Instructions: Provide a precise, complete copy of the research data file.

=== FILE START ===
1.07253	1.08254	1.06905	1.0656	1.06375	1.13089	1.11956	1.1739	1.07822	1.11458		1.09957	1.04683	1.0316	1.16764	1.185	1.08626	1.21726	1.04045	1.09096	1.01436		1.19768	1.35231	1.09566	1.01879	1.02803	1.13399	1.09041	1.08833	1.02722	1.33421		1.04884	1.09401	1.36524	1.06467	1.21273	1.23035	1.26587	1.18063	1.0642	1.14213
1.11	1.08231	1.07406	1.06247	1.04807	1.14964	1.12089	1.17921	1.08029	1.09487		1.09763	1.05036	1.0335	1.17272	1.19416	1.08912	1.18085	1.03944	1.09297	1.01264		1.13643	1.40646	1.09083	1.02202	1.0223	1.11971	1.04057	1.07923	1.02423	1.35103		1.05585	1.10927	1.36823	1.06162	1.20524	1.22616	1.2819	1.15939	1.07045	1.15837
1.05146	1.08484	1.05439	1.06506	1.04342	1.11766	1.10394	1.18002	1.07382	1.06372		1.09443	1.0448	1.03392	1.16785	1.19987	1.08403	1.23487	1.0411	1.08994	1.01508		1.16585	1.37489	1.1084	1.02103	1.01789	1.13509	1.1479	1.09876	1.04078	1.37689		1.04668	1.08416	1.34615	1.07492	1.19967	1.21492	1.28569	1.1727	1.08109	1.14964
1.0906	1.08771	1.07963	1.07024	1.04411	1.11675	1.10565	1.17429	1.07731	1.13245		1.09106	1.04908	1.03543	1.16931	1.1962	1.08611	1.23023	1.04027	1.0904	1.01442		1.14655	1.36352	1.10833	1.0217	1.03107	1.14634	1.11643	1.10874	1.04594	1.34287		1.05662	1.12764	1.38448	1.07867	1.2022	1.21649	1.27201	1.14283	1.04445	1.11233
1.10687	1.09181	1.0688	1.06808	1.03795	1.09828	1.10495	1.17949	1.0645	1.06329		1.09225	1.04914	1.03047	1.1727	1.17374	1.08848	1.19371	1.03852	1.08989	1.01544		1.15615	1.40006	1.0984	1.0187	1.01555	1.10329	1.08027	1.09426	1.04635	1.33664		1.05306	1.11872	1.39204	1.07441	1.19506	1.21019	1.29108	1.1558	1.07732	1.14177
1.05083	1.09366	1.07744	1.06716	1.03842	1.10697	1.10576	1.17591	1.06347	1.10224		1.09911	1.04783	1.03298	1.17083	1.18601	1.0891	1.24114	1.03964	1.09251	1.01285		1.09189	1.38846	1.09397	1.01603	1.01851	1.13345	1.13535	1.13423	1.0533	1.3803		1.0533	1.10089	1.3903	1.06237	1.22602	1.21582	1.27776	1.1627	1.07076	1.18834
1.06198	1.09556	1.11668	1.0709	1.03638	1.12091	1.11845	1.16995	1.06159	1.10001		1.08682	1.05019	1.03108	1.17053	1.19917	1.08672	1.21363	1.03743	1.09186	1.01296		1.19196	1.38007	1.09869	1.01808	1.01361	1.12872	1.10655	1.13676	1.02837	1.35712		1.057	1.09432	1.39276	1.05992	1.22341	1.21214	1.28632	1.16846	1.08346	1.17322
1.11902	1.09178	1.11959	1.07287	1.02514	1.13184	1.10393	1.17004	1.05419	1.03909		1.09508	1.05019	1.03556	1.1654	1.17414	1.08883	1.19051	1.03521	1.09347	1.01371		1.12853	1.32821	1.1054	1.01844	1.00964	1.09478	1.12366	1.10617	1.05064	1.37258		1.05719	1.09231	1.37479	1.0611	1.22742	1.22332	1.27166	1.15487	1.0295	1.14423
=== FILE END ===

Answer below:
1.07253	1.08254	1.06905	1.0656	1.06375	1.13089	1.11956	1.1739	1.07822	1.11458		1.09957	1.04683	1.0316	1.16764	1.185	1.08626	1.21726	1.04045	1.09096	1.01436		1.19768	1.35231	1.09566	1.01879	1.02803	1.13399	1.09041	1.08833	1.02722	1.33421		1.04884	1.09401	1.36524	1.06467	1.21273	1.23035	1.26587	1.18063	1.0642	1.14213
1.11	1.08231	1.07406	1.06247	1.04807	1.14964	1.12089	1.17921	1.08029	1.09487		1.09763	1.05036	1.0335	1.17272	1.19416	1.08912	1.18085	1.03944	1.09297	1.01264		1.13643	1.40646	1.09083	1.02202	1.0223	1.11971	1.04057	1.07923	1.02423	1.35103		1.05585	1.10927	1.36823	1.06162	1.20524	1.22616	1.2819	1.15939	1.07045	1.15837
1.05146	1.08484	1.05439	1.06506	1.04342	1.11766	1.10394	1.18002	1.07382	1.06372		1.09443	1.0448	1.03392	1.16785	1.19987	1.08403	1.23487	1.0411	1.08994	1.01508		1.16585	1.37489	1.1084	1.02103	1.01789	1.13509	1.1479	1.09876	1.04078	1.37689		1.04668	1.08416	1.34615	1.07492	1.19967	1.21492	1.28569	1.1727	1.08109	1.14964
1.0906	1.08771	1.07963	1.07024	1.04411	1.11675	1.10565	1.17429	1.07731	1.13245		1.09106	1.04908	1.03543	1.16931	1.1962	1.08611	1.23023	1.04027	1.0904	1.01442		1.14655	1.36352	1.10833	1.0217	1.03107	1.14634	1.11643	1.10874	1.04594	1.34287		1.05662	1.12764	1.38448	1.07867	1.2022	1.21649	1.27201	1.14283	1.04445	1.11233
1.10687	1.09181	1.0688	1.06808	1.03795	1.09828	1.10495	1.17949	1.0645	1.06329		1.09225	1.04914	1.03047	1.1727	1.17374	1.08848	1.19371	1.03852	1.08989	1.01544		1.15615	1.40006	1.0984	1.0187	1.01555	1.10329	1.08027	1.09426	1.04635	1.33664		1.05306	1.11872	1.39204	1.07441	1.19506	1.21019	1.29108	1.1558	1.07732	1.14177
1.05083	1.09366	1.07744	1.06716	1.03842	1.10697	1.10576	1.17591	1.06347	1.10224		1.09911	1.04783	1.03298	1.17083	1.18601	1.0891	1.24114	1.03964	1.09251	1.01285		1.09189	1.38846	1.09397	1.01603	1.01851	1.13345	1.13535	1.13423	1.0533	1.3803		1.0533	1.10089	1.3903	1.06237	1.22602	1.21582	1.27776	1.1627	1.07076	1.18834
1.06198	1.09556	1.11668	1.0709	1.03638	1.12091	1.11845	1.16995	1.06159	1.10001		1.08682	1.05019	1.03108	1.17053	1.19917	1.08672	1.21363	1.03743	1.09186	1.01296		1.19196	1.38007	1.09869	1.01808	1.01361	1.12872	1.10655	1.13676	1.02837	1.35712		1.057	1.09432	1.39276	1.05992	1.22341	1.21214	1.28632	1.16846	1.08346	1.17322
1.11902	1.09178	1.11959	1.07287	1.02514	1.13184	1.10393	1.17004	1.05419	1.03909		1.09508	1.05019	1.03556	1.1654	1.17414	1.08883	1.19051	1.03521	1.09347	1.01371		1.12853	1.32821	1.1054	1.01844	1.00964	1.09478	1.12366	1.10617	1.05064	1.37258		1.05719	1.09231	1.37479	1.0611	1.22742	1.22332	1.27166	1.15487	1.0295	1.14423